Advertisement

Pastoral Psychology

, Volume 51, Issue 4, pp 249–272 | Cite as

From Masturbation to Homosexuality: A Case of Displaced Moral Disapproval

  • Donald Capps
Article

Abstract

I argue that the decline in moral disapproval of masturbation in the American religious culture over the last half-century is directly responsible for increased moral disapproval of homosexuality. Moral disapproval previously directed toward masturbators is being redirected instead toward homosexuals. Since masturbation has been practiced by the overwhelming majority of individuals who self-identify with the American religious culture, while homosexual acts have been engaged in by a significantly smaller number of individuals who self-identify with this culture, the displacement of moral disapproval from masturbatory behavior to homosexual behavior leads to the stigmatization of those who engage in homosexual behavior, and an attitude of moral superiority and personal condescension inevitably follows. Nineteenth and twentieth century writings on the perils and evils of masturbation are cited in support of this argument.

homosexuality masturbation mental illness moral disapproval reproduction 

Preview

Unable to display preview. Download preview PDF.

Unable to display preview. Download preview PDF.

References

  1. Bakan, D. (1966). The duality of human existence. Chicago: Rand McNally & Company.Google Scholar
  2. Bigham, T. J. (1960). Pastoral and ethical notes on problems of masturbation. Pastoral Psychology, 11(105), 19–23.Google Scholar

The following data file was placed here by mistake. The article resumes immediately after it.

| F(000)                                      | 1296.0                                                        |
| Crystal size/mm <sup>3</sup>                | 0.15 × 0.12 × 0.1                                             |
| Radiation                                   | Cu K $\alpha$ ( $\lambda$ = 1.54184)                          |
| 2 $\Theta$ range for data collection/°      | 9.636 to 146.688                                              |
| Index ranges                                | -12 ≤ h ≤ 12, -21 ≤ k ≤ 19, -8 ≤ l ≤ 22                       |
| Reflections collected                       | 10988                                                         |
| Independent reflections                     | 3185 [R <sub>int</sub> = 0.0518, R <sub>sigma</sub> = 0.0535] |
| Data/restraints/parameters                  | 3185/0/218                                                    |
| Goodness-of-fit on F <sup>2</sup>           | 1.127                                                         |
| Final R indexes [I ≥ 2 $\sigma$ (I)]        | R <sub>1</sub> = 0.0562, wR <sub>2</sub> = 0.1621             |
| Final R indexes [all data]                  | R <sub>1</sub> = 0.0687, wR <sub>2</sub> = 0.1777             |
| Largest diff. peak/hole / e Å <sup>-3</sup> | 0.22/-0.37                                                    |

3. Freud, S. (1960). Group psychology and the analysis of the ego. (J. Strachey, Trans.). New York: Bantam Books.Google Scholar
  4. Freud, S. (1966). Introductory lectures on psycho-analysis, (J. Strachey, Ed. and Trans.). New York: W. W. Norton.Google Scholar
  5. Graham, W. (1999). Henry James's thwarted love. Stanford: Stanford University Press.Google Scholar
  6. Haynes, T., M.D. (1883). Surgical treatment of hopeless cases of masturbation and nocturnal emissions. The Boston Medical and Surgical Journal 109, July-December issue.Google Scholar
  7. Hood, R. (1998). When the spirit mains and kills: Social psychological considerations of the history of SHS and the narrative of handlers. International Journal for the Psychology of Religion 8, 71–96.Google Scholar
  8. James, W. (1982). The varieties of religious experience. New York: Penguin Books.Google Scholar
  9. Kant, I. (1963). Lectures on ethics. (L. Infield, Trans.). New York: Harper & Row.Google Scholar
  10. Menninger, K. (1977). Whatever became of sin? New York: Hawthorn Books.Google Scholar
  11. Rosenzweig, S. (1994). The historic expedition to America (1909): Freud, Jung, and Hall the king-maker. St. Louis: Rana House.Google Scholar
  12. Saraglou, V., and J-M. Jaspard (2001). Does religion affect humour creation? An experimental study. Mental Health, Religion and Culture 4, 33–46.Google Scholar
  13. Simon, L. (1998). Genuine reality: A life of William James. New York: Harcourt Brace & Company.Google Scholar
  14. Szasz, T. (1984). The therapeutic state: Psychiatry in the mirror of current events. Buffalo: Prometheus Books.Google Scholar
  15. Szasz, T. (2000). Remembering masturbatory insanity. Ideas on Liberty 50, no. 5.Google Scholar
  16. Townsend, K. (1996). Manhood at Harvard: William James and others. New York: W. W. Norton.Google Scholar
  17. Weatherhead, L. D. (1947). The mastery of sex through psychology and religion. New York: The Macmillan Company.Google Scholar

Copyright information

© Human Sciences Press, Inc. 2003

Authors and Affiliations

  • Donald Capps
    • 1
  1. 1.Princeton Theological SeminaryPrinceton

Personalised recommendations